Earlier this week Ikea made the news when it was reported that the had officially asked Jules Yap, the owner, of Ikeahackers.net to either find a new URL without the word Ikea in it or to eliminate all advertising from the site. Ikeahackers is a site started by an ardent fan who takes common ikea products and mixes them to come up with completely new solutions for the home and office. Of course this type of thing attracts other users like a friend of mine, Antonio Scarponi, who has come up with a complete hydroponic set-up with Ikea products. After Jules Yap published a post about the Cease and Desist request from Ikea, the story was quickly picked up by magazines and papers like Fast Company. For most people, going after a private person, a smaller company, or group of creatives adding value to your brand seemed unjust and the fallout has been quite negative. As Mark Wilson writes in Fast Company:
…You have to wonder, is it ever a good decision to take legal action against an ardent fanbase? Does a site rallying Ikea modders called “SwedishModernFurnitureHackers.net” really serve the Ikea brand better?
After seeing the reaction of people around the world Ikea also thought it might be going down a wrong course of action and are now again in talks with Yap to find a better solution, though exactly what that is remains to be found out. (Follow the story from Yap’s perspective here).
Is Yap gaining from using the trademarked name Ikea in her URL? Probably. Is Ikea losing? Most likely not, in fact they are probably winning, as eager do-it-yourselfers are reading about simple hacks that let them forgo buying more expensive furnishing solutions and building their own with Ikea products.
Interestingly enough this same week I had a client sat a large Swiss pharmaceutical company call me. He started off by telling me that his company employs social listening software and that I had come up on their radar. I had checked in to the company on Foursquare and taken a picture of the art hanging in the main foyer of the office. The people doing the social listening quickly tracked down who I was, who I was there to see and asked my client to ask me to delete the check-in and to not post anything further mentioning their name. The company, though they never told me of this, does not want to be identified with any of its vendors. Though this be corporate policy, like with Yap’s case, this course of action actually hurts the brand. I deleted the reference, and with it a reference to the welcoming and nice atmosphere that the company has in its offices as well how their support the further development of their employees, two important factors when it comes to recruiting new talent.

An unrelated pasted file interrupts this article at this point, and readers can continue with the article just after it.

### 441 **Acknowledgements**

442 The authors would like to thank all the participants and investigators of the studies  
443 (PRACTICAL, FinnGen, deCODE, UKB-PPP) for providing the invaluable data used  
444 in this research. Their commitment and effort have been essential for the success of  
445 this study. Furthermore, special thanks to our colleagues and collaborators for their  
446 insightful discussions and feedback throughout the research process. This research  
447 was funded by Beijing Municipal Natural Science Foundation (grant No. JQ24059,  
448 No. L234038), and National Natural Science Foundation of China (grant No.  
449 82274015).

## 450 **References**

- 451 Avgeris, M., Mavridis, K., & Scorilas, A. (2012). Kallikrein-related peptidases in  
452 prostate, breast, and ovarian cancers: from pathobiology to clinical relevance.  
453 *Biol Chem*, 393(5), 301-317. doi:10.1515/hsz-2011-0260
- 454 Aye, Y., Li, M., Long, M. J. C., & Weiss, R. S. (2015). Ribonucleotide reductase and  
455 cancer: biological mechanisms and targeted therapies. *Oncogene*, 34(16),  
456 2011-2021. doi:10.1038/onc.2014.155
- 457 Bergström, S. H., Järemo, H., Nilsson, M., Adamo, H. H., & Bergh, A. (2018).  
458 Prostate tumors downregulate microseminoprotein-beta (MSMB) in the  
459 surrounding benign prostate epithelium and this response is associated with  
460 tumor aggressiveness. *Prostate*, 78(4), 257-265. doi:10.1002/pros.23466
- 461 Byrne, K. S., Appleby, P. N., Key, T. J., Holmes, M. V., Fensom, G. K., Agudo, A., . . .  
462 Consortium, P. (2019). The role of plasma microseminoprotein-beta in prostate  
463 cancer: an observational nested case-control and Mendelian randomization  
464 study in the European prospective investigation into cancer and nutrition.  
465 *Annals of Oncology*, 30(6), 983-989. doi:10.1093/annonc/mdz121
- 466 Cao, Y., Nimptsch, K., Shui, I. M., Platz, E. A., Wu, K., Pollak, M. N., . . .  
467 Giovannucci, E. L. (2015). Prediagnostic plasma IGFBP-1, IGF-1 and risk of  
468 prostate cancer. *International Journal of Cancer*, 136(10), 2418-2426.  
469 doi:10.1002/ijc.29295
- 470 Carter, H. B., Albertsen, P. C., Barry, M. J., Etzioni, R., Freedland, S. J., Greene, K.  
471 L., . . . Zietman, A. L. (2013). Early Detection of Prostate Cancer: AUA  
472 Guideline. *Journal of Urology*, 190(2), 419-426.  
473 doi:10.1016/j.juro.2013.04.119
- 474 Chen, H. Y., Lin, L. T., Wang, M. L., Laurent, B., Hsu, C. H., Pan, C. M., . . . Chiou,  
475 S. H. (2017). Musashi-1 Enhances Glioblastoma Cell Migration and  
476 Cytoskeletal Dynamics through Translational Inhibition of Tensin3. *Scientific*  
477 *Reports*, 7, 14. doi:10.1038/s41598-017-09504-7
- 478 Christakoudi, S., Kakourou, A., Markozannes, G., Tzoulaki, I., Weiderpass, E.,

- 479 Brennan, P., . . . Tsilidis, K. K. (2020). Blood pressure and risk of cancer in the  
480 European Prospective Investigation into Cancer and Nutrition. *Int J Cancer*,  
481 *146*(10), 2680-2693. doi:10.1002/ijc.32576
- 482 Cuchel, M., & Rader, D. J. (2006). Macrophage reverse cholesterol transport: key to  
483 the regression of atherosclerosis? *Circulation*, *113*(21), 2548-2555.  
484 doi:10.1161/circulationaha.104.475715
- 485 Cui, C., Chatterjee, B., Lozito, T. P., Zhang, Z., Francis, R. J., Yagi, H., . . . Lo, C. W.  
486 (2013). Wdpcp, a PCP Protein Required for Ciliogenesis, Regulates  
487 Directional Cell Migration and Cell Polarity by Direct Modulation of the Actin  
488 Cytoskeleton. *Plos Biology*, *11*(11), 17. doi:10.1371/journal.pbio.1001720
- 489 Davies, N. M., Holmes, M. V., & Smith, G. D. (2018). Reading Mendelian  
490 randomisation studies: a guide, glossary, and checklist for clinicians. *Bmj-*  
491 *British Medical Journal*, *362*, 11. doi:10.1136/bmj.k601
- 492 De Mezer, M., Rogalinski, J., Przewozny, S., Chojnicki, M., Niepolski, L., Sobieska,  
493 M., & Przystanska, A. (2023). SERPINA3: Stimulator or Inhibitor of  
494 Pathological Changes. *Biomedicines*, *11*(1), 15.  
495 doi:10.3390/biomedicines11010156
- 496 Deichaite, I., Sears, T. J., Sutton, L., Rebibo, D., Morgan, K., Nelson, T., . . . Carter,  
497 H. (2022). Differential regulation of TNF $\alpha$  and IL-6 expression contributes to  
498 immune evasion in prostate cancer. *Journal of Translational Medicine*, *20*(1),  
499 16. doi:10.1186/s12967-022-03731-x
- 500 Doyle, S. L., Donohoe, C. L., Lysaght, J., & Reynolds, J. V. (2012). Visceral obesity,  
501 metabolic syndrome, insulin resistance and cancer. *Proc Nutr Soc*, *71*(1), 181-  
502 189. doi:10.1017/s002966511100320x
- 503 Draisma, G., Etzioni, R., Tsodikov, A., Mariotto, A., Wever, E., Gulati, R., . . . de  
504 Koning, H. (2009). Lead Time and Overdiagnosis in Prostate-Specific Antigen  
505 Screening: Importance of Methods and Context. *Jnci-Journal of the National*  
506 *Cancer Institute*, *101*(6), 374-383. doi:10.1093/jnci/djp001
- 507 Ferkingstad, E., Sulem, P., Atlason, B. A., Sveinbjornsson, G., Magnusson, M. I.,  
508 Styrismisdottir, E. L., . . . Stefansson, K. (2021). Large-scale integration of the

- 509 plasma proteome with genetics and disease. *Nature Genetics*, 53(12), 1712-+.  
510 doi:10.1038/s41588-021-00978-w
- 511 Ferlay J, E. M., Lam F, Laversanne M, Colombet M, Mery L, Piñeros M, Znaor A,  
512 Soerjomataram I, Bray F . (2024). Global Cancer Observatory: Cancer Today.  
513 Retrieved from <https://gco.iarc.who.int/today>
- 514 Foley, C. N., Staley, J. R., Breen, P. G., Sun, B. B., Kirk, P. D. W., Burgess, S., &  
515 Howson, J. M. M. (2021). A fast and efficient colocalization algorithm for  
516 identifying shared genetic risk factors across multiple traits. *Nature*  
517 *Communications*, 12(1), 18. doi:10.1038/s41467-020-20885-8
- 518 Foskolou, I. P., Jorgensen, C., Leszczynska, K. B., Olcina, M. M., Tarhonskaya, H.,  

The take away from these two situations is that your brand’s value comes from how it’s perceived. In David Sable’s blog “The weekly ramble” this week he quotes Abraham Lincoln:
“Character is like a tree and reputation like a shadow. The shadow is what we think of it; the tree is the real thing.”
Your brand value is the shadow, your company’s products, actions, and people are the tree. Your brand’s value comes from what your brand does. When others mention your brand positively, are fans of your brand, use your brand, and work with your brand, though you might be bigger, they are adding value to your brand. Your brand also gains in value when others gain from it. When your brand’s guidelines and policies work against the people you want on your side, you hurt your brand. We are moving further and further into a sharing economy, and sharing your brand is going to be an important aspect of increasing brand value.
Here’s a great TED talk on the importance of re-mixing and hacking in support of Jules Yap.